A Short Guide to Qt Quick Effects

With the Qt 6.5 LTS out in the wild, it is a good time to write more about the Qt 6 and effects. Laszlo already wrote a blog post about post-processing effects in Qt 6.5, focusing mostly on Qt Quick 3D, ExtendedSceneEnvironment and the general Qt effects story. This blog post gives a bit more details about the latest Qt Quick (2D) effects offerings.

With Qt 6.5 the Qt Quick effects story is now pretty solid. Qt 5 was a great platform for effects and Qt 6 is even better. Here's a cheat sheet image you can print and hang on the wall:


Simple Effects: Qt Quick MultiEffect

Let's start with the bread and butter, the simple effects. This is when you want to add a drop shadow to a UI element, blur the background of a panel, mask elements with a threshold or maybe just slightly adjust the brightness. In these common effect cases, your new friend is the Qt Quick MultiEffect element. MultiEffect supports 7 effects (blur, shadow, mask, colorization, brightness, contrast and saturation) and of course combinations of these all. Depending on which effects are enabled, the most optimal shader gets used. And as it uses Qt 6 RHI, the shaders naturally contain OpenGL, Vulkan, Metal and Direct3D versions compactly packed into the qsb file.

Here is a simple code example of a component using Qt Quick MultiEffect:


So, we first import the QtQuick.Effects module which contains MultiEffect. Then create a 'HELLO' text element and apply MultiEffect with shadow and some colorization for it. Output can be seen on the right side: The white text becomes red with a blurred drop shadow. Easy and powerful!

Qt 6.5 includes two MultiEffect examples. So if you want to see more, just type 'MultiEffect' into the Qt Creator examples view:


Custom Effects: Qt Quick Effect Maker

Sometimes reaching the designer's visions will require a more dedicated approach. Creating a custom effect beforehand is usually a more performant option than combining shaders/images/layers at the runtime. The Qt tool created specifically for this task is called the Qt Quick Effect Maker. You can read more about the QQEM features from the introduction blog post or the example usage post.

QQEM has already been used in many projects and more will join now when it is easily accessible as part of the Qt 6.5 installation. Here's a short video showing it in action:


If you are interested in testing the QQEM for your projects, just follow these installation instructions. You can also open the new Wiggly example which contains an effect made with QQEM. If you want to modify the effect, open the WigglyEffect.qep project file with QQEM and go wild.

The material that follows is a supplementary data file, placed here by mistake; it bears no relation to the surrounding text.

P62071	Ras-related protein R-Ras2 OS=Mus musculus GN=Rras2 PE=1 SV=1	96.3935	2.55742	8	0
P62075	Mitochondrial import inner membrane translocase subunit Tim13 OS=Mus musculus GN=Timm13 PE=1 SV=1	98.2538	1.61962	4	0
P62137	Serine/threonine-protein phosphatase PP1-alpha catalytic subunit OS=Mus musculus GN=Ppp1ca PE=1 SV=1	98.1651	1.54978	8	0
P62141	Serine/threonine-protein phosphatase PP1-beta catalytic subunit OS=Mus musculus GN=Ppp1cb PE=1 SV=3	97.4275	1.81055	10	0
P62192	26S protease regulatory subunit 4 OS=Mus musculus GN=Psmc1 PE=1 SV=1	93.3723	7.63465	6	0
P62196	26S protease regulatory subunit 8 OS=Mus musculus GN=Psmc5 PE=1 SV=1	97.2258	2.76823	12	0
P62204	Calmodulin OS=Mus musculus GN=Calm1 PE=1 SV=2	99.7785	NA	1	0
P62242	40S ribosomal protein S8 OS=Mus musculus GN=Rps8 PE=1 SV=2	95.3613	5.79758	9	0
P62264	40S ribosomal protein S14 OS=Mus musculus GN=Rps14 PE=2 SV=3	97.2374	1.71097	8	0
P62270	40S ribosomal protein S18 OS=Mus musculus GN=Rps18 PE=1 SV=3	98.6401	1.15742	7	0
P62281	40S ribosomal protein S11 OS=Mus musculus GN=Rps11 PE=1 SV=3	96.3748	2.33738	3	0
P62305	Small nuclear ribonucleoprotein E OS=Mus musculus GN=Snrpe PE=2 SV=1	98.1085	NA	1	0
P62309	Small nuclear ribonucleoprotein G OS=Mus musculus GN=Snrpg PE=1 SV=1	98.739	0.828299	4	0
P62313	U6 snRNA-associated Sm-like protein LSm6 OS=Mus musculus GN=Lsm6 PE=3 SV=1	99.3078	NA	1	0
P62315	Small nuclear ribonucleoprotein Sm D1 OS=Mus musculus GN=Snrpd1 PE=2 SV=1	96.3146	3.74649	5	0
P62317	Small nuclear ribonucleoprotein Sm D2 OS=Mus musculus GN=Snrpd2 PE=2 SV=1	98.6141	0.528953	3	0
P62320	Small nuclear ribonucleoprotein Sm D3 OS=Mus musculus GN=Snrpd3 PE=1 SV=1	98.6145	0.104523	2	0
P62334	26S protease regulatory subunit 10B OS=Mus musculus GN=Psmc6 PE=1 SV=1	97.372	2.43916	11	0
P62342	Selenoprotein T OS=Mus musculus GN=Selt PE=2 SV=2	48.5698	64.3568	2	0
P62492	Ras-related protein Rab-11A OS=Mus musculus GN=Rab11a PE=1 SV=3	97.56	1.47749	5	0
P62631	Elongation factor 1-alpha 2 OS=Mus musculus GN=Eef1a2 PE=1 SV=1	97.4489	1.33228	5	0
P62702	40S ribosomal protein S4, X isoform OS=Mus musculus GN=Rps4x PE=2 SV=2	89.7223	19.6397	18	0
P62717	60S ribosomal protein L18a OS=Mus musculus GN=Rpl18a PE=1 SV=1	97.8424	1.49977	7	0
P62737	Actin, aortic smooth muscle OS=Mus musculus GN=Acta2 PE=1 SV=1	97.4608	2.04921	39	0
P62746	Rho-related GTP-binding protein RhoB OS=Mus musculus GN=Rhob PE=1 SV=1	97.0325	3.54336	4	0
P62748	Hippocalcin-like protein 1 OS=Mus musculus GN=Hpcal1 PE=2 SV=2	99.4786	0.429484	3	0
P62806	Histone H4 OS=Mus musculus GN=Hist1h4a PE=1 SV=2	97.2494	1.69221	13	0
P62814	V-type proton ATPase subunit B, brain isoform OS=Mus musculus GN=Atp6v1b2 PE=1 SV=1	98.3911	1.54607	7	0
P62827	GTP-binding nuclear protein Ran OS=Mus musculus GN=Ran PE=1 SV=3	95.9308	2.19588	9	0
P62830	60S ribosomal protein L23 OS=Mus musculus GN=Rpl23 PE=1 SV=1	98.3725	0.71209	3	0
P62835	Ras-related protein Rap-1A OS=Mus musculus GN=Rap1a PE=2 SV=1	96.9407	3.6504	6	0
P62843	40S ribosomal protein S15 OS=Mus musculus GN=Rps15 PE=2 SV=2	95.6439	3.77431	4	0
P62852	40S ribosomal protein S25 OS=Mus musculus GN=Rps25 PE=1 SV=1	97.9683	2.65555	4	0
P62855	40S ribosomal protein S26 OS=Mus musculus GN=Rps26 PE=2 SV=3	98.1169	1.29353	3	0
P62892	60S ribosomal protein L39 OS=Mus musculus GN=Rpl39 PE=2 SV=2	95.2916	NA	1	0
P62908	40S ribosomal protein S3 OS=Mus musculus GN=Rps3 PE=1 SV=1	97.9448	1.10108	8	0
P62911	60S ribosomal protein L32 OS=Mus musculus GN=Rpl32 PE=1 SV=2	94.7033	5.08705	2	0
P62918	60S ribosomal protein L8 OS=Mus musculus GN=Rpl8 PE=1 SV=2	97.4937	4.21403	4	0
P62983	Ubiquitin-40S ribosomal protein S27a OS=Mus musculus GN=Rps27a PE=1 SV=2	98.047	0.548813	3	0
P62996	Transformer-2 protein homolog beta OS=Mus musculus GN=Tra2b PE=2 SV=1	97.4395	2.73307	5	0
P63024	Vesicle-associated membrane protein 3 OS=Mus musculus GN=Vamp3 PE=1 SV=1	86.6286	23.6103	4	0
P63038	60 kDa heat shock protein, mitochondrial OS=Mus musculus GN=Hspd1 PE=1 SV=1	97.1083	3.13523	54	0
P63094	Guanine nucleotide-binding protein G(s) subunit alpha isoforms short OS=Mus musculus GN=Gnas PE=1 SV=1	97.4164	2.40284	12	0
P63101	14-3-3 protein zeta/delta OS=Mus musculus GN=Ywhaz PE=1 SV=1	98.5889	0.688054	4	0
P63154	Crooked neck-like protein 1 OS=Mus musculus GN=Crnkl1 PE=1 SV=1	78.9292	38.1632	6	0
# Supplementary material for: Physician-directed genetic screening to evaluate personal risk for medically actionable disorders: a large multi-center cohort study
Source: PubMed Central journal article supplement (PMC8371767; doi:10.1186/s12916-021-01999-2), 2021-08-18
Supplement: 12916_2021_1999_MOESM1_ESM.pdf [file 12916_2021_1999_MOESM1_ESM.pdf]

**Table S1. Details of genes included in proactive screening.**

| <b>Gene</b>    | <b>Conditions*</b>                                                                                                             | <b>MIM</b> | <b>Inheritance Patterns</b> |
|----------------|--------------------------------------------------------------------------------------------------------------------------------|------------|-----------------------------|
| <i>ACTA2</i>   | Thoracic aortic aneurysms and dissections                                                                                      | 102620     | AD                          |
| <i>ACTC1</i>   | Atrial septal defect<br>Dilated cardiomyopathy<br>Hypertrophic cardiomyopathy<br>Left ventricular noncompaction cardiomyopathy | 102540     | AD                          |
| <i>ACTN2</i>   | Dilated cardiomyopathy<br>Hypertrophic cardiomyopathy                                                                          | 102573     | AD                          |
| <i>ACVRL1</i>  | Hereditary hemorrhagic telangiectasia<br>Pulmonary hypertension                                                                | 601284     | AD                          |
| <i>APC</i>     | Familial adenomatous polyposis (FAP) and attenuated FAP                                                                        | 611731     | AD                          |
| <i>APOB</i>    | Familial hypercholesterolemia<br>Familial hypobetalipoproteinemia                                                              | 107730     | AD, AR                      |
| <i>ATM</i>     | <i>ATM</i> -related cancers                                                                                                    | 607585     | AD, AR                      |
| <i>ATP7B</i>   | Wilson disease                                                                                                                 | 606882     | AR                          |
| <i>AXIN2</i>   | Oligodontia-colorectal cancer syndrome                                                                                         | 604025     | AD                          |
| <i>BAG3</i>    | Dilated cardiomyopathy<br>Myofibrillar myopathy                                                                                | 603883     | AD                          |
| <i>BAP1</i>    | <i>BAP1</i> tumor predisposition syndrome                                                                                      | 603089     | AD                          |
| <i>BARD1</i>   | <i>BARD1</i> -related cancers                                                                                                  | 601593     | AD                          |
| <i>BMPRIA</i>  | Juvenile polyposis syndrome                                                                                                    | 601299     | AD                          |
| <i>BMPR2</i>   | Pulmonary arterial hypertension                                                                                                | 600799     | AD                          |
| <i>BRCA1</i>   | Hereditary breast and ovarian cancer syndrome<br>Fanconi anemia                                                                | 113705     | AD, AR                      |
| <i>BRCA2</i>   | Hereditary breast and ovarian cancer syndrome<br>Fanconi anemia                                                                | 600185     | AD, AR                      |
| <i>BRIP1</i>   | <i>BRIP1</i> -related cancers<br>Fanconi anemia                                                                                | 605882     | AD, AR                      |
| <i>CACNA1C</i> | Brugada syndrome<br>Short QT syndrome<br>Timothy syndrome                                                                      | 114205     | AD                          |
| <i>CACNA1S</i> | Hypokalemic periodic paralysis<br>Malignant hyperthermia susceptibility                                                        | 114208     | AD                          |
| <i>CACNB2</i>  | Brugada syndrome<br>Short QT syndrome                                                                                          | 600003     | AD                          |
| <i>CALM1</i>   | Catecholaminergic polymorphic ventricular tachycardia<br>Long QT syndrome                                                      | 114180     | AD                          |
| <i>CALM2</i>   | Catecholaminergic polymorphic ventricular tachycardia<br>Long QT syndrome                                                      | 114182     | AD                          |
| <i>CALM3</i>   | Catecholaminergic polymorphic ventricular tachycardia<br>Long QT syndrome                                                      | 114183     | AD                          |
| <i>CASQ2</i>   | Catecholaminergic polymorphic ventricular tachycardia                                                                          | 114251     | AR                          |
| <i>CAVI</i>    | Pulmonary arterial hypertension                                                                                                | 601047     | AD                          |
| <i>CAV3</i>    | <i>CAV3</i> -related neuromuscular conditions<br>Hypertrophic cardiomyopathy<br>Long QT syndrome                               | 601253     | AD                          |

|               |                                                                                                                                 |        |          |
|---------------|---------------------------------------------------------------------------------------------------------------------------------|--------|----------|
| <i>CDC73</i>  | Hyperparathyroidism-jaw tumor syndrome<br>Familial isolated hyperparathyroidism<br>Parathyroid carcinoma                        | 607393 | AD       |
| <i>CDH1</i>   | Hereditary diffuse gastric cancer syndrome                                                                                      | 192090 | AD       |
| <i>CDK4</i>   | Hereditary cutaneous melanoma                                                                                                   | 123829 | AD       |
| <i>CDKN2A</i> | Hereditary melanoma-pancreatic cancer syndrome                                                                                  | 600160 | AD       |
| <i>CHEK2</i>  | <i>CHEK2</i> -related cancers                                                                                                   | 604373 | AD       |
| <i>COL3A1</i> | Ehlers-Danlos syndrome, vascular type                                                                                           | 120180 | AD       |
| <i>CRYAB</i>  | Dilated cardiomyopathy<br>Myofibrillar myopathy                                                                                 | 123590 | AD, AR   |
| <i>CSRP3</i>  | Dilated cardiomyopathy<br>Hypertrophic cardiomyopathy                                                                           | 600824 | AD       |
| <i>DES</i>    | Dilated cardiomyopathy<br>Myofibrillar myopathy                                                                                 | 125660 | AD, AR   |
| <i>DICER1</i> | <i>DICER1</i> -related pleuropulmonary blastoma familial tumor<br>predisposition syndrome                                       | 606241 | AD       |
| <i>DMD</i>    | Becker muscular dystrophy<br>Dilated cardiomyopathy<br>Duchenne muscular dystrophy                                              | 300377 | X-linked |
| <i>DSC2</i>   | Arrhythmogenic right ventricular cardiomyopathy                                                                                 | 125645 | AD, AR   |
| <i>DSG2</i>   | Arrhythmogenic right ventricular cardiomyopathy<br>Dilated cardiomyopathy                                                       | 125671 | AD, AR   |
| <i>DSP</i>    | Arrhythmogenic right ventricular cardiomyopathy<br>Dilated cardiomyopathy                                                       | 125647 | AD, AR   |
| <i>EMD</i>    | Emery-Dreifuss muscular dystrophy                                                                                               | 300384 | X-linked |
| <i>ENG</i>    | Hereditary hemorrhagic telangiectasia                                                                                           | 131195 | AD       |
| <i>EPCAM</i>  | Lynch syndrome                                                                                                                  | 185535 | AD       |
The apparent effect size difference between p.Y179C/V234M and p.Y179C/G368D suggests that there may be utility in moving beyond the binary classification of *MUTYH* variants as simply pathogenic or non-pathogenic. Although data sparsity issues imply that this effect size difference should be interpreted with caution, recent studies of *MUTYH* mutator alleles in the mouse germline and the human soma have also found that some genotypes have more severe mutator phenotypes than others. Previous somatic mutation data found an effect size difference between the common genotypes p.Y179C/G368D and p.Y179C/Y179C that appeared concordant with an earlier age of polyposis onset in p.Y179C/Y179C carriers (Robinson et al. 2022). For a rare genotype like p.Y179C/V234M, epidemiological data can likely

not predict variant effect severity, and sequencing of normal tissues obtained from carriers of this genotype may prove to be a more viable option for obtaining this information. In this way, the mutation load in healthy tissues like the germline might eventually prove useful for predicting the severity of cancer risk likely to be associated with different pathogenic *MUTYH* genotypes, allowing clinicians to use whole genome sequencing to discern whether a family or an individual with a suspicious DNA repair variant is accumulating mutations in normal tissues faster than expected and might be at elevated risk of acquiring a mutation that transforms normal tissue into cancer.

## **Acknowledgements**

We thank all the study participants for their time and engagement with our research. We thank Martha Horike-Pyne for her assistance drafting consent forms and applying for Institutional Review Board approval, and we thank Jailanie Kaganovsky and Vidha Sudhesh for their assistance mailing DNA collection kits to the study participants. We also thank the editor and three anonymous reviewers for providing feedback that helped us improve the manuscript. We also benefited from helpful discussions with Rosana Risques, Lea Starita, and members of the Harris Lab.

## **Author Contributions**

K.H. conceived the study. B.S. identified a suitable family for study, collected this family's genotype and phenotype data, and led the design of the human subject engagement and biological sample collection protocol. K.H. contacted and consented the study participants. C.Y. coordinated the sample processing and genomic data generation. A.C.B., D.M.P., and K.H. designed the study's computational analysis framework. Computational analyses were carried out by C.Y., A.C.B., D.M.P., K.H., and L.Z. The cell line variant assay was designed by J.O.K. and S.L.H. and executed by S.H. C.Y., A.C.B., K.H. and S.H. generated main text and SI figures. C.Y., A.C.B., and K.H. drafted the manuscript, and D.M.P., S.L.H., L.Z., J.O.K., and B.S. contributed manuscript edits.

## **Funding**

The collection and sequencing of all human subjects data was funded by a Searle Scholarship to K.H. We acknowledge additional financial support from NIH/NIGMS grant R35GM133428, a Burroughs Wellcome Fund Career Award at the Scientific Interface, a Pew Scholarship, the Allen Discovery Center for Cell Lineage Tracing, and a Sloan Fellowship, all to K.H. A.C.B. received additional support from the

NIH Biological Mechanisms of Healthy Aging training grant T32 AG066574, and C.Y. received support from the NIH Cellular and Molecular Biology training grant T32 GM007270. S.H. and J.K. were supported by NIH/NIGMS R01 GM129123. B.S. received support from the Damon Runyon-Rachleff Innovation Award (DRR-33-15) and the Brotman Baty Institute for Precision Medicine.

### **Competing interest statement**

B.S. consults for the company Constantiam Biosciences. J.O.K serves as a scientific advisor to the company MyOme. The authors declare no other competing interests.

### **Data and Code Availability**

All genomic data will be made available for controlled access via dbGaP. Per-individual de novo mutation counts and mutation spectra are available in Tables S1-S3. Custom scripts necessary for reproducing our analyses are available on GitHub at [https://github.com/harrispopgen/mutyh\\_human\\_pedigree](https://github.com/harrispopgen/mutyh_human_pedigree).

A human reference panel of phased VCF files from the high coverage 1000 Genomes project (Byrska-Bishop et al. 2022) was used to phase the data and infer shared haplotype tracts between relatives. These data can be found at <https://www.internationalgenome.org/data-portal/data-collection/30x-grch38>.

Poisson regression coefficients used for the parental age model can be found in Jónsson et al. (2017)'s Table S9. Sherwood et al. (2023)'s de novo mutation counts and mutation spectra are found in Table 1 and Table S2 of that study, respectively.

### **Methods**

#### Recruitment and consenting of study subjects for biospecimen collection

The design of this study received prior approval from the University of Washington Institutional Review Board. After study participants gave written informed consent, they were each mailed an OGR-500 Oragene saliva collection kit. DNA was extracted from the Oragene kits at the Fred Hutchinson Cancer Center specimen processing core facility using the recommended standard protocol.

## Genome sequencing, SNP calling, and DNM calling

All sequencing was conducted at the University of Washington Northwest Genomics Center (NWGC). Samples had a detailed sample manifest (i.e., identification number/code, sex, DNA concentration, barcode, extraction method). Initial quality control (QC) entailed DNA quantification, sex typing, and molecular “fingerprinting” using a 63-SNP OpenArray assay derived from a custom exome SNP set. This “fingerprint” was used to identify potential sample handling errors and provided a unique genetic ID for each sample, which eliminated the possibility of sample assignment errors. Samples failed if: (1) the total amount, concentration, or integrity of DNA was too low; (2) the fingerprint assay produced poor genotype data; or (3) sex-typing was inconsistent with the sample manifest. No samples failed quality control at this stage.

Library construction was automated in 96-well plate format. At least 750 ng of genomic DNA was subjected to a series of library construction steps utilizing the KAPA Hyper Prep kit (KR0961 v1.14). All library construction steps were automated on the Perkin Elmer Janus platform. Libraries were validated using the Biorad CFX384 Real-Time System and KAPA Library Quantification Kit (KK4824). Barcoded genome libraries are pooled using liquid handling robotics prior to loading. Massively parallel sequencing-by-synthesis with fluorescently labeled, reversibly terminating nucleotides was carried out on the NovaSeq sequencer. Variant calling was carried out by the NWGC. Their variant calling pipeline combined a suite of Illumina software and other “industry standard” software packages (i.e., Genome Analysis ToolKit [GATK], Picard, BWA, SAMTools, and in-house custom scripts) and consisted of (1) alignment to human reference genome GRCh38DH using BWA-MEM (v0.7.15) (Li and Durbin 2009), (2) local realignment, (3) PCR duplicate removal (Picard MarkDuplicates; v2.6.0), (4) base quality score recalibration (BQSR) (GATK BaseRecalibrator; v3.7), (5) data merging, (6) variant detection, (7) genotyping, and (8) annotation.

Transition: The MultiEffect node

Now someone may say "I would use MultiEffect, but...", explaining how it applies some effect differently than they would prefer or is missing just the one important effect. Or maybe the development started with MultiEffect and it is later realized that some tweaking is required. We have considered also this, making the transition easier.


In this case, you can use the MultiEffect node available in the Qt Quick Effect Maker. This node has the same effects API as the Qt Quick MultiEffect and the rendering output is also the same (because of the matching shader code). If you don't believe me, watch what happens when I switch the testbed example to use custom MultiEffect instead of the standard MultiEffect:


The effect output remains the same, just showing that warning about paddings which MultiEffect can do automatically. Also note that with the MultiEffect node, you should select which effects are enabled in QQEM properties view before exporting the effect to get the most optimal shader. Qt Quick MultiEffect contains multiple shaders so it can select the optimal one at runtime.

With the MultiEffect node, it is possible to freely modify the shader to your liking. Also, it is possible to extend it with any other nodes. You can initially use the simple Qt Quick MultiEffect and then smoothly switch to the custom effect.

Other options

The above approaches are the recommended first options to add effects to your Qt Quick UIs. Obviously, there are also other options.

Qt Graphical Effects are still available in the Qt 5 compatibility module. We don't recommend using them with new code, but if your application uses these and they work for you, feel free to continue the usage also with Qt 6.

Likewise, if you want to use the ShaderEffect element directly, that is also still a valid option. The effects exported from QQEM also use it, so the difference is just that with QQEM you usually have better productivity due to automatic baking, live preview, integrated properties, shader inspection etc. But if you already have a perfect shader effect, just pass that as qsb to ShaderEffect.


Qt 6 has always had a very powerful architecture for shader effects with the Qt Rendering Hardware Interface (RHI) and the Qt Shader Tools. With Qt 6.5, we now offer APIs and tools to make it even easier to use this power. The common Qt Quick effects story (since Qt 6.5) can be simplified to:

For simple effects, use the Qt Quick MultiEffect. For custom effects, use the Qt Quick Effect Maker.


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